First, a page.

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Death of a Level-Five Leader


The world is largely unaware that it lost an important leader this week. 


L. Leroy Neff ended his 90-year race as he deserved—with dignity and surrounded by his devoted children, Larry, Don, and Carol.

I am privileged to know the Neff family because I married into it—sort of. Larry’s wife, Linda, and my wife, Mary, are sisters.

To tell the inspiring tale of Leroy and his wife of over 60 years, Maxine, would take a book. So he wrote an autobiography for his family, which I read with great interest. It is a classic American story of modest beginnings in Oregon, military service, performing as a classically trained cellist, and a life changing call to serve Jesus Christ.

That call led Leroy and Maxine to Southern California where they started a life of service on something less than a shoestring. It wasn’t long before Leroy was ordained a minister and promoted to a series of expanding leadership positions in a fast-growing church organization.

His responsibilities, which ranged from Church Pastor to Treasurer of a worldwide work, took Leroy and Maxine around the globe—several times. They loved to travel almost as much as they loved their family. Leroy was a successful and admired leader.

Why? Was it his flamboyant, charismatic personality? No, Leroy was a quiet leader although he possessed the most beautiful, deep, resonant, and unmistakable speaking voice.  Was it that he was a super-genius, flitting from project to project like a bee on crack? No, Leroy was highly intelligent, but admittedly a plodder who moved in a purposeful straight line until the job was done.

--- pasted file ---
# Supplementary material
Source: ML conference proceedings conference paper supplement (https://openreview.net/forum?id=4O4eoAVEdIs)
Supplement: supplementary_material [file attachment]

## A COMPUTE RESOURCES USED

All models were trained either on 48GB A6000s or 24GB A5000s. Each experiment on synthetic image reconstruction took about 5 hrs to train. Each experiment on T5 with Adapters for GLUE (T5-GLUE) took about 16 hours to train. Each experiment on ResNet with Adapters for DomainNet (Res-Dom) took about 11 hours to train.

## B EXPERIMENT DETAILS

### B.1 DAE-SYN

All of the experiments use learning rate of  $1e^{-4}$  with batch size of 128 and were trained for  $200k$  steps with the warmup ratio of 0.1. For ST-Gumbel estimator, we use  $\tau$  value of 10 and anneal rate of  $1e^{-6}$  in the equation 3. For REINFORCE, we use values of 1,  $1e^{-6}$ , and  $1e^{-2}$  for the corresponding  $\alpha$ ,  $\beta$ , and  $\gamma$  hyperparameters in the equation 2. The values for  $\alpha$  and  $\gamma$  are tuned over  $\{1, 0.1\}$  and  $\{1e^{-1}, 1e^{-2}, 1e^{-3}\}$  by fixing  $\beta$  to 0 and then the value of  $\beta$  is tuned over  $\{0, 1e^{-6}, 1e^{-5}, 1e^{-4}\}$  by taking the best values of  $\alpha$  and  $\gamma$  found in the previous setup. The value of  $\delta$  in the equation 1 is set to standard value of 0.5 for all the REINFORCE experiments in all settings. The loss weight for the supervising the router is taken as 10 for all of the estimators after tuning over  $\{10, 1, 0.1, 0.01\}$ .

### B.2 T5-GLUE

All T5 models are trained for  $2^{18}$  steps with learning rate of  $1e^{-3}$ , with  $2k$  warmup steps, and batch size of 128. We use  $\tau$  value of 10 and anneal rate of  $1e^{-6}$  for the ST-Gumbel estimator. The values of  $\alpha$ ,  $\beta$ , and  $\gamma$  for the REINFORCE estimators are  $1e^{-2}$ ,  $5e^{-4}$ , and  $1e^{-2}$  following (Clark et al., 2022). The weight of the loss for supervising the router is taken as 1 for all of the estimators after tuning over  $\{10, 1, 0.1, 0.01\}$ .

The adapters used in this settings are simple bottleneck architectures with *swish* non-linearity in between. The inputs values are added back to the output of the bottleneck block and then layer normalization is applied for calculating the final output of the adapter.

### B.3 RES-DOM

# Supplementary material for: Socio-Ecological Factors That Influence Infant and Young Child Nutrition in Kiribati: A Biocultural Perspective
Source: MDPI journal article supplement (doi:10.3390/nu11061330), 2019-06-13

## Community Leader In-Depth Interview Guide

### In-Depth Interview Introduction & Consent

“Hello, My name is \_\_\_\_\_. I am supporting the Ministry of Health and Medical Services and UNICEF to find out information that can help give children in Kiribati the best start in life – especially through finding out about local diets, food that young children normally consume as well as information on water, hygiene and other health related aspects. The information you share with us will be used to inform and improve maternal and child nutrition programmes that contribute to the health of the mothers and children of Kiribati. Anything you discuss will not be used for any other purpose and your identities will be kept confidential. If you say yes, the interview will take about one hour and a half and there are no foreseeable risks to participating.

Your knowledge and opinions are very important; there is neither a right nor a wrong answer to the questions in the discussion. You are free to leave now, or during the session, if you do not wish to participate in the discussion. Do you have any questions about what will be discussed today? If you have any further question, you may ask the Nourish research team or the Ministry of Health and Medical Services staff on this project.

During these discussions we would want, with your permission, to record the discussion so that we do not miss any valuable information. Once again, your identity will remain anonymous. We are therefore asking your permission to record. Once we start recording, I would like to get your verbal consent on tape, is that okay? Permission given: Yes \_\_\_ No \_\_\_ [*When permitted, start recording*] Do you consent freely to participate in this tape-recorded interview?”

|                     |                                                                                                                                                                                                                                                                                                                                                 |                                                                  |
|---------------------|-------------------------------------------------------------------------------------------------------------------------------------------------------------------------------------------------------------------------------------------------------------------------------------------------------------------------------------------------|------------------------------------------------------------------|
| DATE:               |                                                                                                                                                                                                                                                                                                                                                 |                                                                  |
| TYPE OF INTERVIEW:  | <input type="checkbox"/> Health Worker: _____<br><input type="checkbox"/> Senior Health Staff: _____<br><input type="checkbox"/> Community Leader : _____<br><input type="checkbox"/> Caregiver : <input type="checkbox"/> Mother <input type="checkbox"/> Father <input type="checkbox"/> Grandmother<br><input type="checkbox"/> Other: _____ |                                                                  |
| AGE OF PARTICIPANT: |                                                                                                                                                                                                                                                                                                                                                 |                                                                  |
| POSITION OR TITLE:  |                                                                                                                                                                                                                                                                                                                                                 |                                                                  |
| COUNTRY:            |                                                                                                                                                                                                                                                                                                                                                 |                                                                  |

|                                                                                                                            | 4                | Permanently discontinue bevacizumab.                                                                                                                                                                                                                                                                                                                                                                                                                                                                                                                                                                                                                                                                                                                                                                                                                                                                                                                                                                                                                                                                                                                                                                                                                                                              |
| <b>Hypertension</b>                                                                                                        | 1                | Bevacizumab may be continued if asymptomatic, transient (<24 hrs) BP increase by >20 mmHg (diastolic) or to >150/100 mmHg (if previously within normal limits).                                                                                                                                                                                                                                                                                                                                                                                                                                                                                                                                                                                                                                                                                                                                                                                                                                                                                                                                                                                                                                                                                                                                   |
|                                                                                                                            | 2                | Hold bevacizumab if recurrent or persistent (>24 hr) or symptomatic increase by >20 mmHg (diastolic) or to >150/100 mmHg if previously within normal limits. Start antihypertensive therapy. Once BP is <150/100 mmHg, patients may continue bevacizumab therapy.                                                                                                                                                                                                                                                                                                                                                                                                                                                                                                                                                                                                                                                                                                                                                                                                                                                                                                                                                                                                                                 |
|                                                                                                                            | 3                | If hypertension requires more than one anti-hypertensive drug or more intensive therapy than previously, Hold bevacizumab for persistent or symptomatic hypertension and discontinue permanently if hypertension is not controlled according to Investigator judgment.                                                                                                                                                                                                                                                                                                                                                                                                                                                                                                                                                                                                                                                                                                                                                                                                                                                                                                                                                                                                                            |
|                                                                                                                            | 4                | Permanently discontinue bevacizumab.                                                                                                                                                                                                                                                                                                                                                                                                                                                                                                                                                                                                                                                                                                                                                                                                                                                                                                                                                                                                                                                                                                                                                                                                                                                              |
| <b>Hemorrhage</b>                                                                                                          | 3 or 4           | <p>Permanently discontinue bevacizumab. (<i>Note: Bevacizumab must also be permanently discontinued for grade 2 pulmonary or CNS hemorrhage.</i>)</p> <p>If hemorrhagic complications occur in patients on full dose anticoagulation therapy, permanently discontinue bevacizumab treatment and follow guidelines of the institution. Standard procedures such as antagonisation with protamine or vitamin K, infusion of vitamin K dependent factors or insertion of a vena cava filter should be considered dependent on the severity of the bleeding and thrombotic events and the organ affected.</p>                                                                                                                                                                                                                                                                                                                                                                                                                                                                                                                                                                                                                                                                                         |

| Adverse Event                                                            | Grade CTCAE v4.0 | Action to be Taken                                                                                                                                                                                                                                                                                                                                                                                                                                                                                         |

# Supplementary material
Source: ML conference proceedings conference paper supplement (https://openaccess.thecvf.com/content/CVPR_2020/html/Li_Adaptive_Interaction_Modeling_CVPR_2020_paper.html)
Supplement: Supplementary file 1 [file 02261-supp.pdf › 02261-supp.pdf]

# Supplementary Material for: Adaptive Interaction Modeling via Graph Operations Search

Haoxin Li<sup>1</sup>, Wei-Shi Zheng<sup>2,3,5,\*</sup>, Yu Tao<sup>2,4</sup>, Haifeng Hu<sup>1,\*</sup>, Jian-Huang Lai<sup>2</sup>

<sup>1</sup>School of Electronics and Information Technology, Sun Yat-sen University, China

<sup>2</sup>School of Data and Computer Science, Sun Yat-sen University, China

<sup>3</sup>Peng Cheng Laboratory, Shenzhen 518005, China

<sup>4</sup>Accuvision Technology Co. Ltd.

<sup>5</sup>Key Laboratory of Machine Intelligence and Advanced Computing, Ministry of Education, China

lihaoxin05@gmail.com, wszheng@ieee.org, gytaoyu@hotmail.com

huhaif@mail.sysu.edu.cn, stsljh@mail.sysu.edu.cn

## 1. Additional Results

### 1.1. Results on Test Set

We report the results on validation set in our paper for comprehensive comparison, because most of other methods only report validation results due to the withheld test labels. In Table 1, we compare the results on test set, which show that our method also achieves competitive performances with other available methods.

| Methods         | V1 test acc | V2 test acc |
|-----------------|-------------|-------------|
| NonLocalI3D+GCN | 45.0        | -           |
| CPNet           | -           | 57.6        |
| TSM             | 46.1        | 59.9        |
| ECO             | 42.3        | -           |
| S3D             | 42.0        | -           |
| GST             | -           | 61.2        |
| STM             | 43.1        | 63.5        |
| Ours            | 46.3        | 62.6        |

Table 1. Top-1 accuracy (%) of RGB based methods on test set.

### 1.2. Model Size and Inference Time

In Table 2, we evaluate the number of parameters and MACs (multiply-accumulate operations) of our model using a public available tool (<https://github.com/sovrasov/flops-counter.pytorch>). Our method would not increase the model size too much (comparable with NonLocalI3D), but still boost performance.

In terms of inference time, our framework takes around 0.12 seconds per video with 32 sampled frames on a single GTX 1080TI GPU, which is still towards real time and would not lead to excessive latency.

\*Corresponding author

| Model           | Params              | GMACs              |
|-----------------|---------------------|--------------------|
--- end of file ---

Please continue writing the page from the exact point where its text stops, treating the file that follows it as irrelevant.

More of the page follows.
Why? There were, at least, three qualities of character that powered Leroy to continually succeed while many around him blasted off and flamed out.

  1. His integrity, anchored to deep religious convictions, was unimpeachable.
  2. He was utterly faithful, enjoying promotions and suffering setbacks with equanimity.
  3. He was a humble man—period.


I had the opportunity to spend quite a bit of time with Mr. Neff after they retired to East Texas and especially after Maxine died some years ago and the lonely times began. Mary and I will miss the great family gatherings at Thanksgiving.

My Dad, Melton, and I will also miss our lunches with him. Just three weeks ago Mary, Carol–then his caregiver, and I shared lunch with Mr. Neff in his home. Although frail, his memory was sharp, his mind was clear, and he still managed a wry riposte to my good-natured teases.

When Lester Leroy Neff died late Tuesday night, the world lost a legitimate level five leader. It was a sad, sad day—the end of an era. Yet, when Christ returns, it will be the beginning of another one; a glorious era for an honest, faithful, humble saint.

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